Why was Haile Selassie removed from power
No one could be seen as more central to modern African history or the booming Rastafarian culture than Haile Selassie. As the last emperor of Ethiopia, Haile Selassie was the first crowned black king of an independent nation in Africa who inspired a forward-thinking generation. The face, voice and spirit of peaceful power, Haile Selassie, is the root of the Rastafarian religion.
Selassie, who was named Ras Tafari Makonnen when he was born on July 23, 1892 and was born into a noble family, was able to trace his ancestry back to the biblical figures of King Solomon and Queen of Sheba. His birth name, after which the Rastafarian religion is named, literally means "chief" and "the awe-inspiring". Selassie, also known as his Imperial Majesty the victorious lion of the tribe of Judah, had an elaborate coronation attended by royals and representatives from around the world. During his reign, Selassie was commended for his political prowess by giving Ethiopia its first written constitution and trying to raise awareness of the Ethiopian cause in Europe. His goal was to be a progressive emperor and lead his country into the modern age.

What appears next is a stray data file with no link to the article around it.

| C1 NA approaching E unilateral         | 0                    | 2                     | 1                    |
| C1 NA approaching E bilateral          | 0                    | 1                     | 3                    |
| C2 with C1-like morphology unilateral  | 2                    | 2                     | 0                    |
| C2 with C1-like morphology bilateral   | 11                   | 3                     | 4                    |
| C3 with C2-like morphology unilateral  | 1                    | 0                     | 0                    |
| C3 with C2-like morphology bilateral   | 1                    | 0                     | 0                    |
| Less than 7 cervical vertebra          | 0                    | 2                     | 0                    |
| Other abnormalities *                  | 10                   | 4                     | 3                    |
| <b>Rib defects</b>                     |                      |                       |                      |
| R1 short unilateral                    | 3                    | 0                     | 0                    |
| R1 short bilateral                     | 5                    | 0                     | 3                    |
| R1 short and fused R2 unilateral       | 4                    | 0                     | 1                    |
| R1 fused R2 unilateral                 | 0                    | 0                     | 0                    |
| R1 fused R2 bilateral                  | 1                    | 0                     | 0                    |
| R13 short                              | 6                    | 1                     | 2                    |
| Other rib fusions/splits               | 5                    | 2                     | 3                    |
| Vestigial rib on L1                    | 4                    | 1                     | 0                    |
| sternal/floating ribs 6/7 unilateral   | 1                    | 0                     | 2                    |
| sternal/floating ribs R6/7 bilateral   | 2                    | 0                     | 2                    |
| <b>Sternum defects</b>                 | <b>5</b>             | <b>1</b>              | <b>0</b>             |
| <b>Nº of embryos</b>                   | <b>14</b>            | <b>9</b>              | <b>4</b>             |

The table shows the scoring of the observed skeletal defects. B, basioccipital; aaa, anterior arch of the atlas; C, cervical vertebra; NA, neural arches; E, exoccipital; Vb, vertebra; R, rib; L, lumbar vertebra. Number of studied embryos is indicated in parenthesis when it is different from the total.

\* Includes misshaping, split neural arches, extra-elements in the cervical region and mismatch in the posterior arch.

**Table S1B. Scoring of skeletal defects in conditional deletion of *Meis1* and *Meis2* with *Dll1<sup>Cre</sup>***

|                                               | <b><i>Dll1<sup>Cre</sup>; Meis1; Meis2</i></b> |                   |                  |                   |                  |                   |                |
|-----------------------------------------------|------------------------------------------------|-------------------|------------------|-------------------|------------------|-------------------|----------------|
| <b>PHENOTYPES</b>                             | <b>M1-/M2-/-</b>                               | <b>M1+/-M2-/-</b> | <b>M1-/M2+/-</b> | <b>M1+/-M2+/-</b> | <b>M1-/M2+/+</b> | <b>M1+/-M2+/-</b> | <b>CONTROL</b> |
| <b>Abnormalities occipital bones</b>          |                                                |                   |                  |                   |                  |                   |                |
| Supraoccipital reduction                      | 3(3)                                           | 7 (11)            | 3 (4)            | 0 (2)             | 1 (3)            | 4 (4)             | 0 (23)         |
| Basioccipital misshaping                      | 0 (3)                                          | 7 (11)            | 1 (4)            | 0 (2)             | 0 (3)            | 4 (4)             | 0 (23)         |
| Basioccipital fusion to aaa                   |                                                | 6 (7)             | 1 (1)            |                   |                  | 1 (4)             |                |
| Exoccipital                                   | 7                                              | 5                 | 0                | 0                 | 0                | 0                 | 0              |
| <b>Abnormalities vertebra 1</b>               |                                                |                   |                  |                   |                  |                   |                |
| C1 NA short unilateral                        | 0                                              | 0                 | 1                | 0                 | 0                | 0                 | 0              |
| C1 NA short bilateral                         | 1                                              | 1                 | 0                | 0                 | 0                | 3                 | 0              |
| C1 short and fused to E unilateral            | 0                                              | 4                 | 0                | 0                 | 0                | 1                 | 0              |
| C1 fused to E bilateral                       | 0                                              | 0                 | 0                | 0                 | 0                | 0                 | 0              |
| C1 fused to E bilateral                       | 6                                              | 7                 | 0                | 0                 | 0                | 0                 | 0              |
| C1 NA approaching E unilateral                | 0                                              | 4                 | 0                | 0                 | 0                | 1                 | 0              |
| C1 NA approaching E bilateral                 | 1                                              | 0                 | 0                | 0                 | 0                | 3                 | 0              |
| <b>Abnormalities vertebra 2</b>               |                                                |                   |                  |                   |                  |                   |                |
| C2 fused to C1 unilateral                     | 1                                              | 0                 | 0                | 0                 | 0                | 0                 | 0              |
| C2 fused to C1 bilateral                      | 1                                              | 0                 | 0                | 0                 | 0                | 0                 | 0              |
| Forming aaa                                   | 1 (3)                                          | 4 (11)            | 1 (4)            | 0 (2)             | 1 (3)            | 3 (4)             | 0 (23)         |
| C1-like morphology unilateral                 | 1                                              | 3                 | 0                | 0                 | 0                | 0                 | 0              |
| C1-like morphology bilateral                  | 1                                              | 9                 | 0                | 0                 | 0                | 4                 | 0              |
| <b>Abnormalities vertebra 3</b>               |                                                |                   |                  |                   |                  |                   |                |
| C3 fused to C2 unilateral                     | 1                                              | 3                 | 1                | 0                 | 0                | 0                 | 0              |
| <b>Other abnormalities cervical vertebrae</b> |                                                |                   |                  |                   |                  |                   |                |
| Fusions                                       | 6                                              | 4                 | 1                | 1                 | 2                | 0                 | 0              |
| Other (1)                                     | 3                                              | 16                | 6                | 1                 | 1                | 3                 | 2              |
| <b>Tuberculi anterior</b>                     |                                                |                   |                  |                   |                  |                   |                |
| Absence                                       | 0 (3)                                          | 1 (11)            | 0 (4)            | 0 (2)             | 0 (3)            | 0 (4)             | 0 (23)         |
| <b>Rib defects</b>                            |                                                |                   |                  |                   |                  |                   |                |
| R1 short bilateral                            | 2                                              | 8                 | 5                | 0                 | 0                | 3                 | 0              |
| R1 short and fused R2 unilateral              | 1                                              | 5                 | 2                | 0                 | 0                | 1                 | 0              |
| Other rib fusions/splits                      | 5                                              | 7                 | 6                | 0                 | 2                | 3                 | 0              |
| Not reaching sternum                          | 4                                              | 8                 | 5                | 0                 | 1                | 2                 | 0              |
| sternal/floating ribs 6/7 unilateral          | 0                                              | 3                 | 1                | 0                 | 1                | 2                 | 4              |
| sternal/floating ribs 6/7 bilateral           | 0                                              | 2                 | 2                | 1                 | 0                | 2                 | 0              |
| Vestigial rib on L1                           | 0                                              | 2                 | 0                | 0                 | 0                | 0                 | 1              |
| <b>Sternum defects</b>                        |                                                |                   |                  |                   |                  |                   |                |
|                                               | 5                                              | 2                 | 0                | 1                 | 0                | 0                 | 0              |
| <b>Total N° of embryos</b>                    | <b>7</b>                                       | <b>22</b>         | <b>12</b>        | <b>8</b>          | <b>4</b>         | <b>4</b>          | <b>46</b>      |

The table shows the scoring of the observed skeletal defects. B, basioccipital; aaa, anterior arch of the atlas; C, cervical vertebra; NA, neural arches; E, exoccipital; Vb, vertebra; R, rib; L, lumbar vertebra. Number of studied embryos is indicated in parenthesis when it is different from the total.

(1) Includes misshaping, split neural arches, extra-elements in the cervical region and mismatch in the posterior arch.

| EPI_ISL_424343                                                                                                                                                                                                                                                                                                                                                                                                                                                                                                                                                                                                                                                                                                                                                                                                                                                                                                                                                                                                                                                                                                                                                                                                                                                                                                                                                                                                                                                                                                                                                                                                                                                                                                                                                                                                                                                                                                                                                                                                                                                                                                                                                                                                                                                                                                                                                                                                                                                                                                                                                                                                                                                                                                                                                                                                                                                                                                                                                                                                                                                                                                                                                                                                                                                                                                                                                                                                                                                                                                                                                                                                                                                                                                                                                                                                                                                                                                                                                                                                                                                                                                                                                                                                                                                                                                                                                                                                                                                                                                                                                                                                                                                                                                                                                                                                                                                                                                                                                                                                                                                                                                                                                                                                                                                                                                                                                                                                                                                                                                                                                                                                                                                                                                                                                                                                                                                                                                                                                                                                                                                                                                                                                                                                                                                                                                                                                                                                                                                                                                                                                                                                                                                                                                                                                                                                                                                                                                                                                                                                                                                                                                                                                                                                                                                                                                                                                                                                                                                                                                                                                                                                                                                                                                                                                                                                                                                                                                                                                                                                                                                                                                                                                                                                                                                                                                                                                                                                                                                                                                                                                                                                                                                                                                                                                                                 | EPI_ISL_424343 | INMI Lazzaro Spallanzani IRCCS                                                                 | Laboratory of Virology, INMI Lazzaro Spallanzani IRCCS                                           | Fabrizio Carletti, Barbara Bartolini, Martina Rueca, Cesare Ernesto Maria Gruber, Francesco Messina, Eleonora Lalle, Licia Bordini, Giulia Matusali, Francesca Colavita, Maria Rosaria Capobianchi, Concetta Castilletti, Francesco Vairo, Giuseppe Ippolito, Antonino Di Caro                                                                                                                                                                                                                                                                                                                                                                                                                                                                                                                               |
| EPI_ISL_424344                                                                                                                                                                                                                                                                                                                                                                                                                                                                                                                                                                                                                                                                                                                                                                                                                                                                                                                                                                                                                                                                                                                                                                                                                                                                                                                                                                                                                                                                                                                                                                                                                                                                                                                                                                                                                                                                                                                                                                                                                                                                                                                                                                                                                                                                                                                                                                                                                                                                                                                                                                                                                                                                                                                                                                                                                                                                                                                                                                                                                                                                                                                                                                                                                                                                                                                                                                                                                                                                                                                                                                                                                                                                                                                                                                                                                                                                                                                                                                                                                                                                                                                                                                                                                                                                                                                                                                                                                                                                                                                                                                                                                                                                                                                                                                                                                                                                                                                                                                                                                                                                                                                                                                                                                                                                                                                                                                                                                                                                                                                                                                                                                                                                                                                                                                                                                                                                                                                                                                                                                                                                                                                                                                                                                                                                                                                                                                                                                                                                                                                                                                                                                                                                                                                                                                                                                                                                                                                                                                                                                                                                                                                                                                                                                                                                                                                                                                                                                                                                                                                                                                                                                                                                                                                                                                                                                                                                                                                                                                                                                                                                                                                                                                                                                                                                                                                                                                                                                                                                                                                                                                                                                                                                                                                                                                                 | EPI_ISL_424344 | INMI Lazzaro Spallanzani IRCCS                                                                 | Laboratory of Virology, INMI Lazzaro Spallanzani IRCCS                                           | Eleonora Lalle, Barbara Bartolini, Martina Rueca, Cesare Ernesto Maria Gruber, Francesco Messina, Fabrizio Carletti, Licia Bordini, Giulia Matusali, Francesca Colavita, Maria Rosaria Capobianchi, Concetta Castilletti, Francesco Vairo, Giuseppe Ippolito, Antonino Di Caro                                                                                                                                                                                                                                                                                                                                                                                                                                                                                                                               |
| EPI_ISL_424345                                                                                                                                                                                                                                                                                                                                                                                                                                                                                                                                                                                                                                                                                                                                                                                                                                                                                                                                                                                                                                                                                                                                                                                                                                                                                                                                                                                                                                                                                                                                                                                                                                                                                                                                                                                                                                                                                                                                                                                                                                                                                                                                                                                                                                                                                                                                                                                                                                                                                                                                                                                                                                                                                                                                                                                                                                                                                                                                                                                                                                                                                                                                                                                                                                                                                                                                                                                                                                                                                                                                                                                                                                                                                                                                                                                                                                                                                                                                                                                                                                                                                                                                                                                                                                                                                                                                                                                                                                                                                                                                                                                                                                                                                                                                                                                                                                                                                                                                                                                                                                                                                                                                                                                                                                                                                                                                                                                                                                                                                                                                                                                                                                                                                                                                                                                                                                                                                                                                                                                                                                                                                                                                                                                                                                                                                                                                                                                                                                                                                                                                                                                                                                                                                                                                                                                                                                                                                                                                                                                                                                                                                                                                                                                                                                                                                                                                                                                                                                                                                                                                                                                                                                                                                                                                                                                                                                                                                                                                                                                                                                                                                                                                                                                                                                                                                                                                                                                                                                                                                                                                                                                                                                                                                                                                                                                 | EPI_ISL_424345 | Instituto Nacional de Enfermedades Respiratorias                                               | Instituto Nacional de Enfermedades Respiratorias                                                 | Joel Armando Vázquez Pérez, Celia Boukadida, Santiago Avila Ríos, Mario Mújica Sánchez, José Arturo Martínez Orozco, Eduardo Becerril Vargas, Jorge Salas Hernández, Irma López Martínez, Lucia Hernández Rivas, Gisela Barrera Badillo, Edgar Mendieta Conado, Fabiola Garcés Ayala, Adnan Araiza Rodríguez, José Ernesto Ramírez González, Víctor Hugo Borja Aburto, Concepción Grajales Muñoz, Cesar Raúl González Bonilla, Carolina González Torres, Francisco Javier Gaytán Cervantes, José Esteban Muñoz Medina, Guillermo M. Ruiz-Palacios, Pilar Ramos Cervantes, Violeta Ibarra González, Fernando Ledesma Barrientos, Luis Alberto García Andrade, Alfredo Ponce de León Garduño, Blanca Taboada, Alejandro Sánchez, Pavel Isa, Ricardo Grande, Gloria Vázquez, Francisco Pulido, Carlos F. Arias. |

Rastafarians consider the sacred herb to be part of the tree of life and believe that it is the key to understanding oneself and the universe. They used the sacred herb as a spiritual connection and smoked it to find truth and wisdom. The most influential Rasta in history is Bob Marley. His music and image were riddled with Rastafarian symbols and beliefs. As Bob Marley's music spread around the world, so did the Rastafarian religion. People were drawn to his peaceful beliefs and unique style. Even if long dreadlocks and garments in the colors green, yellow and red were Bob Marley's personal taste, his style has become synonymous with the entire Rastafarian religion and culture.
Selassie and President John F. Kennedy were geographically distant but related in close friendship. The fact that they were leaders in history at the same time enabled these two men to build a friendship based on dreams, politics, beliefs, culture, and mutual respect. JFK greeted his Ethiopian counterpart as a giant in the world, and Selassie found his friend both fascinating and admirable. Both enjoyed the growing bonds between their nations; More and more Americans traveled to Ethiopia to do tourism, provide economic aid and do business. This, in turn, led many Ethiopians to travel to the US to expand their education. When JFK was murdered, not only his friend from the emperor mourned him, but the whole country of Ethiopia.
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